Sunday, May 18, 2008

"In the Basement of the Ivory Tower"

.....Just in time for the end of the semester, the Atlantic Monthly publishes "In the Basement of the Ivory Tower," by one Professor X. The writer is a self-described adjunct instructor who teaches composition and literature in the evenings at a small private college and a community college.
.....His students? Remarkably like many of ours, or at least, remarkably like the ones about whom Rebel Girl spends a lot of time worrying:
....."For many of my students, college was not a goal they spent years preparing for, but a place they landed in. Those I teach don’t come up in the debates about adolescent overachievers and cutthroat college admissions. Mine are the students whose applications show indifferent grades and have blank spaces where the extracurricular activities would go. They chose their college based not on the U.S. News & World Report rankings but on MapQuest; in their ideal academic geometry, college is located at a convenient spot between work and home. I can relate, for it was exactly this line of thinking that dictated where I sent my teaching résumé.
.....Some of their high-school transcripts are newly minted, others decades old. Many of my students have returned to college after some manner of life interregnum: a year or two of post-high-school dissolution, or a large swath of simple middle-class existence, 20 years of the demands of home and family. They work during the day and come to class in the evenings. I teach young men who must amass a certain number of credits before they can become police officers or state troopers, lower-echelon health-care workers who need credits to qualify for raises, and municipal employees who require college-level certification to advance at work.
.....My students take English 101 and English 102 not because they want to but because they must. Both colleges I teach at require that all students, no matter what their majors or career objectives, pass these two courses. For many of my students, this is difficult."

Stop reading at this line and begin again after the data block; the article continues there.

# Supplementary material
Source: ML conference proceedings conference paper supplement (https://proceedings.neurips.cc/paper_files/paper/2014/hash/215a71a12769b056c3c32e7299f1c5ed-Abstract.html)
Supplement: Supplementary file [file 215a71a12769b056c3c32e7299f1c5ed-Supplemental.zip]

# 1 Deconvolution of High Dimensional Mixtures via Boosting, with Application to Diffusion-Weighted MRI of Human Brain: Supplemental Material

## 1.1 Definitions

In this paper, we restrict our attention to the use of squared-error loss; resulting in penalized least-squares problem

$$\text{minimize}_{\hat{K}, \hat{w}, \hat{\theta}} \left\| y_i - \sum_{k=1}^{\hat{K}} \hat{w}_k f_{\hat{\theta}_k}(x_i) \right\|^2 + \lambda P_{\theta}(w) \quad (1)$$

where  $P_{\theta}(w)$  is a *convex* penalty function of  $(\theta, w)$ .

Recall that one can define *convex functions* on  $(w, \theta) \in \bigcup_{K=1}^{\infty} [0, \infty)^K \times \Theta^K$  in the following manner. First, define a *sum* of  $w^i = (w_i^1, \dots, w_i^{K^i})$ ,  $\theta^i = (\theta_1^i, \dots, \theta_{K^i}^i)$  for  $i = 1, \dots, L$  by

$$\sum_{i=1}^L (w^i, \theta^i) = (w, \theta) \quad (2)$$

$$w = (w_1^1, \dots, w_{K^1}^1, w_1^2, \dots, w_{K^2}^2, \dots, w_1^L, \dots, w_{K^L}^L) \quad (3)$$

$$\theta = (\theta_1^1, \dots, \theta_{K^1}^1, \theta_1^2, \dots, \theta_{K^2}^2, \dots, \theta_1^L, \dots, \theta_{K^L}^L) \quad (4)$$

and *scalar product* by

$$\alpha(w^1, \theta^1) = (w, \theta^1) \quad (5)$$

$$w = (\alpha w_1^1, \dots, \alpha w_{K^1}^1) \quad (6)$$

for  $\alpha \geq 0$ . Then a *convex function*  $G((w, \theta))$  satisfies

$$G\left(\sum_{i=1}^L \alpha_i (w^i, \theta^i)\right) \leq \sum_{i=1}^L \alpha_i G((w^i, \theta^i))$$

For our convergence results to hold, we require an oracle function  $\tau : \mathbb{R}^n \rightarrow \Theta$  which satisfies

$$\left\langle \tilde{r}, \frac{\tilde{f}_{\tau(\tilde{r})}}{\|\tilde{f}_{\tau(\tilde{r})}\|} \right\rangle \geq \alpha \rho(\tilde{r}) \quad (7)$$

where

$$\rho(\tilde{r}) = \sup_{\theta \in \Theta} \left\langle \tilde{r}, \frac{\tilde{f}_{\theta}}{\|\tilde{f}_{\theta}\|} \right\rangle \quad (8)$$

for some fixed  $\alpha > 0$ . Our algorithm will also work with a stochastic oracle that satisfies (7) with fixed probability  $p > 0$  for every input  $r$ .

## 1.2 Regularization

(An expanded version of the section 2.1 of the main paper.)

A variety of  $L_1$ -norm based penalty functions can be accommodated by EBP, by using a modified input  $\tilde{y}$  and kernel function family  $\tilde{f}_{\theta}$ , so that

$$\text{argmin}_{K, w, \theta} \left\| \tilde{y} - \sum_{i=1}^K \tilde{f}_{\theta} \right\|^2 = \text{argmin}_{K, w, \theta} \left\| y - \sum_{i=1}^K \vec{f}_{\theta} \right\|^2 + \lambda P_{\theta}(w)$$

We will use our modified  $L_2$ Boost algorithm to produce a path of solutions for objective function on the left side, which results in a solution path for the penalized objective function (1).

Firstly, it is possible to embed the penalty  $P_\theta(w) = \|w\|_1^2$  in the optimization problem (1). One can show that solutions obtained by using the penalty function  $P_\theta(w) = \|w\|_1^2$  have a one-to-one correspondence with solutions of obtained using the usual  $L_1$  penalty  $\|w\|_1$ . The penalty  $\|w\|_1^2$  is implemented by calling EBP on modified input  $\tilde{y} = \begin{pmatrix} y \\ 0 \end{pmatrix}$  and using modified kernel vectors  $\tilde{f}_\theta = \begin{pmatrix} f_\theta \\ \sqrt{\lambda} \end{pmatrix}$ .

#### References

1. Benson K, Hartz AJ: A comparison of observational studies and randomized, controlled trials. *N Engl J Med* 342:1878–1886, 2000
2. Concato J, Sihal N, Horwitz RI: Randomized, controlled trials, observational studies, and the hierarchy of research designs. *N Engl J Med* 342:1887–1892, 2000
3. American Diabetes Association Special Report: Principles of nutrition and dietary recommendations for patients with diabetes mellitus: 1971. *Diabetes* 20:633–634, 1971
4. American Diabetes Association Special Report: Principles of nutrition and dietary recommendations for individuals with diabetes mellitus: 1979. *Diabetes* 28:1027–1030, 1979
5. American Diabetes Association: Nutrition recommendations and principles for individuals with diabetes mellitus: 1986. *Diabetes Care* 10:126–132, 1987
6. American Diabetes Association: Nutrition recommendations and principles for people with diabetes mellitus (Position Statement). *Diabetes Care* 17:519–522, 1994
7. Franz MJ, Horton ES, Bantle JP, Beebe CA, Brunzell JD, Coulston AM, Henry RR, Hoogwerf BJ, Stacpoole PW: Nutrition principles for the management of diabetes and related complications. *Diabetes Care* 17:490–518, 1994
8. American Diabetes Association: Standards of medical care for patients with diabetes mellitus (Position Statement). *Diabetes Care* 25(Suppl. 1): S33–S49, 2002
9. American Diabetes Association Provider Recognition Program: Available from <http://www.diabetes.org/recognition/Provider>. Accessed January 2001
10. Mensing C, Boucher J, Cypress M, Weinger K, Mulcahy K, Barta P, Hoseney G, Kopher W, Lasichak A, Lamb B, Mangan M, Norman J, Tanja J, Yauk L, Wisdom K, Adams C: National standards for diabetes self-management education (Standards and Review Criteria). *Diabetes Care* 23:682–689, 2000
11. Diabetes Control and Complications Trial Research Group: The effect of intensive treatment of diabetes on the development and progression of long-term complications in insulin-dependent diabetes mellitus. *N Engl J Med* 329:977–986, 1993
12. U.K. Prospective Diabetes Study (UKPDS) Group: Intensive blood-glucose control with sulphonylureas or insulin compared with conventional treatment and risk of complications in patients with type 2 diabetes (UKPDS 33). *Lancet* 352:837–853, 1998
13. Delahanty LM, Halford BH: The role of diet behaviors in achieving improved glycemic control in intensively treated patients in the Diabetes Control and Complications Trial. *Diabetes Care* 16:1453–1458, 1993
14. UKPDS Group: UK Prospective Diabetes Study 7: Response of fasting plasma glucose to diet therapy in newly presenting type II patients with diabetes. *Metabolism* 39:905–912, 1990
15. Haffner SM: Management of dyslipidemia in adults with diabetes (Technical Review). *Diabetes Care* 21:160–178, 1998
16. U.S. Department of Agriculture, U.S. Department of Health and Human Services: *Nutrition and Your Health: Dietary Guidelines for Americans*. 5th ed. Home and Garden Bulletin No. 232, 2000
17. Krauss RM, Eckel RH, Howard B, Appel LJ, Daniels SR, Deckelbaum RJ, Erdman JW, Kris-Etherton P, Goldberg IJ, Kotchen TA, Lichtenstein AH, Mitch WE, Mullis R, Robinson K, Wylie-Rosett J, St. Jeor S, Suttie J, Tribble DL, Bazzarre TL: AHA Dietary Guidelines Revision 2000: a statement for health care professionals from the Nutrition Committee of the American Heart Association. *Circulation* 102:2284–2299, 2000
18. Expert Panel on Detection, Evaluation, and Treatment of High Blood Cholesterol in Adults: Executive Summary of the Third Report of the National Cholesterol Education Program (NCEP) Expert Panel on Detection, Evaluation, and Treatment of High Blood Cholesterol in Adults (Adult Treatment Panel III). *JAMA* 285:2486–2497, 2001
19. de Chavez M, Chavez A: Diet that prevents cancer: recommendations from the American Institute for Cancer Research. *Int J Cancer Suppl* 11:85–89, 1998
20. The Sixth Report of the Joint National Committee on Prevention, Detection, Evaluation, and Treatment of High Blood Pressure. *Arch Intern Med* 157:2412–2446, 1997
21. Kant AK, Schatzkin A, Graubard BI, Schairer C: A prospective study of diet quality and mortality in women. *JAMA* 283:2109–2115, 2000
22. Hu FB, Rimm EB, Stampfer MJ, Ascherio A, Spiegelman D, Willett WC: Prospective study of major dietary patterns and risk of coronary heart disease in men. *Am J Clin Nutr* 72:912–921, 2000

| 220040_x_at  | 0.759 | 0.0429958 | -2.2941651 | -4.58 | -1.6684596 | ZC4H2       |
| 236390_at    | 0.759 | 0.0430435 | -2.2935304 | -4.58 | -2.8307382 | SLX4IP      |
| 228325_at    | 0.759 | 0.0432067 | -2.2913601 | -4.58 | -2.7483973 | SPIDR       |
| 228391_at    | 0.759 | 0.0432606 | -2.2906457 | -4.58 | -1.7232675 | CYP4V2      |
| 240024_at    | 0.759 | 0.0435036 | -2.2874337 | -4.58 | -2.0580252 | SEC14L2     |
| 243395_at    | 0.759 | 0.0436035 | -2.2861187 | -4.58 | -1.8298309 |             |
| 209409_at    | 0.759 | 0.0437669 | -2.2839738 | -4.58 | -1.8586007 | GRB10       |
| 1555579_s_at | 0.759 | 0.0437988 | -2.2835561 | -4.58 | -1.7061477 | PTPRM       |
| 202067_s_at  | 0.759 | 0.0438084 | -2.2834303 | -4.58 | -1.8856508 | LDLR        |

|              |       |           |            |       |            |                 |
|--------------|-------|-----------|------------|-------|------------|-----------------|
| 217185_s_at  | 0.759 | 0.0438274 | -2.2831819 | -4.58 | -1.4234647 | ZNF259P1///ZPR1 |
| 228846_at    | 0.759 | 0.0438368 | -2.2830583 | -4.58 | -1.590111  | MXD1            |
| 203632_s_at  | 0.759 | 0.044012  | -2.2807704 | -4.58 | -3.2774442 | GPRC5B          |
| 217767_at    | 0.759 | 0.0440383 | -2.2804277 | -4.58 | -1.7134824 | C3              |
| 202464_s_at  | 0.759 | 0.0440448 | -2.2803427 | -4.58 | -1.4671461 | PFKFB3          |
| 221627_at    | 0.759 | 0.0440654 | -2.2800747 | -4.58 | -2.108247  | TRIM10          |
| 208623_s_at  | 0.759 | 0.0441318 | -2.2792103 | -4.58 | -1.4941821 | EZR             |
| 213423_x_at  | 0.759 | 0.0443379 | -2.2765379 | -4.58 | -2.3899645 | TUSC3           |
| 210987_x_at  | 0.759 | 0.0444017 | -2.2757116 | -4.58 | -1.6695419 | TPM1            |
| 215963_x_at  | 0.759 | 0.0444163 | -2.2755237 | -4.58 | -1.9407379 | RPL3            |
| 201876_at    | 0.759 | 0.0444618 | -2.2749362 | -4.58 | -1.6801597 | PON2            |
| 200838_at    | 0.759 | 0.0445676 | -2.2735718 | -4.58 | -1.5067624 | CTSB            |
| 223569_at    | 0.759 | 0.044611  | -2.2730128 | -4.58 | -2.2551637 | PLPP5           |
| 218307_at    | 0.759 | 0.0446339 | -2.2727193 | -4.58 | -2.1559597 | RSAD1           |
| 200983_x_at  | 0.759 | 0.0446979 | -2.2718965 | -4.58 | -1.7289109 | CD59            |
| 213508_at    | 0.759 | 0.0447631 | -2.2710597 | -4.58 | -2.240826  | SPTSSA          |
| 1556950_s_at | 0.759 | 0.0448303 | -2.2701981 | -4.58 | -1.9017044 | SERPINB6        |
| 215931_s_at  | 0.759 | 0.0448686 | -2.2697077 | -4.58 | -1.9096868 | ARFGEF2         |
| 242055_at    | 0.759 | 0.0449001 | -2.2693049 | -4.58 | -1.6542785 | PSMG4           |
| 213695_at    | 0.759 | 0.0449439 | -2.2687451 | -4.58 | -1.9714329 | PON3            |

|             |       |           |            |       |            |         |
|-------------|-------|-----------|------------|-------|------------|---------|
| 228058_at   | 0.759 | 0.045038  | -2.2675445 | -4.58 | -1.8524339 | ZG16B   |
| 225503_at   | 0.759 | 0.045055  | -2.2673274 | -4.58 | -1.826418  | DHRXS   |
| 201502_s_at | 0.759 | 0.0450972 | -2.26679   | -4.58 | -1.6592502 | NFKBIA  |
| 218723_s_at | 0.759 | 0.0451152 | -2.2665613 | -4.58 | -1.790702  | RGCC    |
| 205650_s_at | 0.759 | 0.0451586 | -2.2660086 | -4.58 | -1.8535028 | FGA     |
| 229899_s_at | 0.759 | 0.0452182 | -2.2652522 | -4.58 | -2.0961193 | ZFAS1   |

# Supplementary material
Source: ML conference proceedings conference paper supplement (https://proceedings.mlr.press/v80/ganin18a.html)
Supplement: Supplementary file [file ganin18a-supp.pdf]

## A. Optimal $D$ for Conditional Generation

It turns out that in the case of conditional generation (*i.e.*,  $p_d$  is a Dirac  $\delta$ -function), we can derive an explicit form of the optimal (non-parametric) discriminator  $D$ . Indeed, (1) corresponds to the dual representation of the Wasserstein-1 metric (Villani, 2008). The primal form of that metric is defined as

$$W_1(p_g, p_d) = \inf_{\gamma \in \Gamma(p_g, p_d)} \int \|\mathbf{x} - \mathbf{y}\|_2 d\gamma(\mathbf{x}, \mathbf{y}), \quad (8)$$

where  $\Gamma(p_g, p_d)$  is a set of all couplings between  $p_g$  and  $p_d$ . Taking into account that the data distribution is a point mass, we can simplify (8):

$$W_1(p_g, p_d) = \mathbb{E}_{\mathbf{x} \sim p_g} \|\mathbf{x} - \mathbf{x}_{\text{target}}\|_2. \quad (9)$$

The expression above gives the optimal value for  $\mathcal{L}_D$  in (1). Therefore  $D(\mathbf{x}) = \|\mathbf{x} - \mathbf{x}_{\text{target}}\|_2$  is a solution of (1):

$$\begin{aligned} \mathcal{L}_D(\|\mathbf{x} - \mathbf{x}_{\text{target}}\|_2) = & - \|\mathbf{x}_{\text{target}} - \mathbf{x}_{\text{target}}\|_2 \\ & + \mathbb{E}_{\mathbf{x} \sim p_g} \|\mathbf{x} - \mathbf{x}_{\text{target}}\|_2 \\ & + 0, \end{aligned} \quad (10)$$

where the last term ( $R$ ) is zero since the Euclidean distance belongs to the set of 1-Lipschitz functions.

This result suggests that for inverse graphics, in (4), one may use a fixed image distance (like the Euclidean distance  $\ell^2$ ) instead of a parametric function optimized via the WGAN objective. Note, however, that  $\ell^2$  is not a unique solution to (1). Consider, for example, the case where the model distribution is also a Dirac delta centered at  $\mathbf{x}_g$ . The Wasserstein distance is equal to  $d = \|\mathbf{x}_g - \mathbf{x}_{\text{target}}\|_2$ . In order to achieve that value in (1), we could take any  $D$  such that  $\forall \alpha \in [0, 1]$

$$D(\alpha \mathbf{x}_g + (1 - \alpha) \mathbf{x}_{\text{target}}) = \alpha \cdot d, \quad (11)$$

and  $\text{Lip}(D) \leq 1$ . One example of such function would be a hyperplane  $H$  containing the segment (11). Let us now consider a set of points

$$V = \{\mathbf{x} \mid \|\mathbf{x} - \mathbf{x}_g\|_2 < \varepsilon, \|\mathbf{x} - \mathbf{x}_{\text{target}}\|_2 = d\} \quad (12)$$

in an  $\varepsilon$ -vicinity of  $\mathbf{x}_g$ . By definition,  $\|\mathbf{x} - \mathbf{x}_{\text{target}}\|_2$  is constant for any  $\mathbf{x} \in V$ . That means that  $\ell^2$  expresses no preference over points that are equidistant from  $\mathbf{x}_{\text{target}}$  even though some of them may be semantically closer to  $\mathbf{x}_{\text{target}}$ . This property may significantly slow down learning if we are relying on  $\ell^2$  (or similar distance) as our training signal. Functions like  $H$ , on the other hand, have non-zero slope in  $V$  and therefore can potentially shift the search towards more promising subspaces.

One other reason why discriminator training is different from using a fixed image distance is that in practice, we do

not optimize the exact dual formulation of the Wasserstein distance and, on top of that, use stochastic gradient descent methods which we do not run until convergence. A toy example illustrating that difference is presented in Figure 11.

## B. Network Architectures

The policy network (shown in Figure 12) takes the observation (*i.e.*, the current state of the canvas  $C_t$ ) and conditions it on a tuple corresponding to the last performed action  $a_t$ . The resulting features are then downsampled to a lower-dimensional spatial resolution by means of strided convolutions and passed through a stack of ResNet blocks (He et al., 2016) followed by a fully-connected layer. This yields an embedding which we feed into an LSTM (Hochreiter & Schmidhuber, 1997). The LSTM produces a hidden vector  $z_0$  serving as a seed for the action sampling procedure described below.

.....The trouble? Professor X writes: Remarkably few of my students can do well in these classes. Students routinely fail; some fail multiple times, and some will never pass, because they cannot write a coherent sentence.

.....He fears that the institution will condemn him but what happens is this:
....."What actually happens is that nothing happens. I feel no pressure from the colleges in either direction. My department chairpersons, on those rare occasions when I see them, are friendly, even warm. They don’t mention all those students who have failed my courses, and I don’t bring them up. There seems, as is often the case in colleges, to be a huge gulf between academia and reality. No one is thinking about the larger implications, let alone the morality, of admitting so many students to classes they cannot possibly pass. The colleges and the students and I are bobbing up and down in a great wave of societal forces—social optimism on a large scale, the sense of college as both a universal right and a need, financial necessity on the part of the colleges and the students alike, the desire to maintain high academic standards while admitting marginal students—that have coalesced into a mini-tsunami of difficulty. No one has drawn up the flowchart and seen that, although more-widespread college admission is a bonanza for the colleges and nice for the students and makes the entire United States of America feel rather pleased with itself, there is one point of irreconcilable conflict in the system, and that is the moment when the adjunct instructor, who by the nature of his job teaches the worst students, must ink the F on that first writing assignment."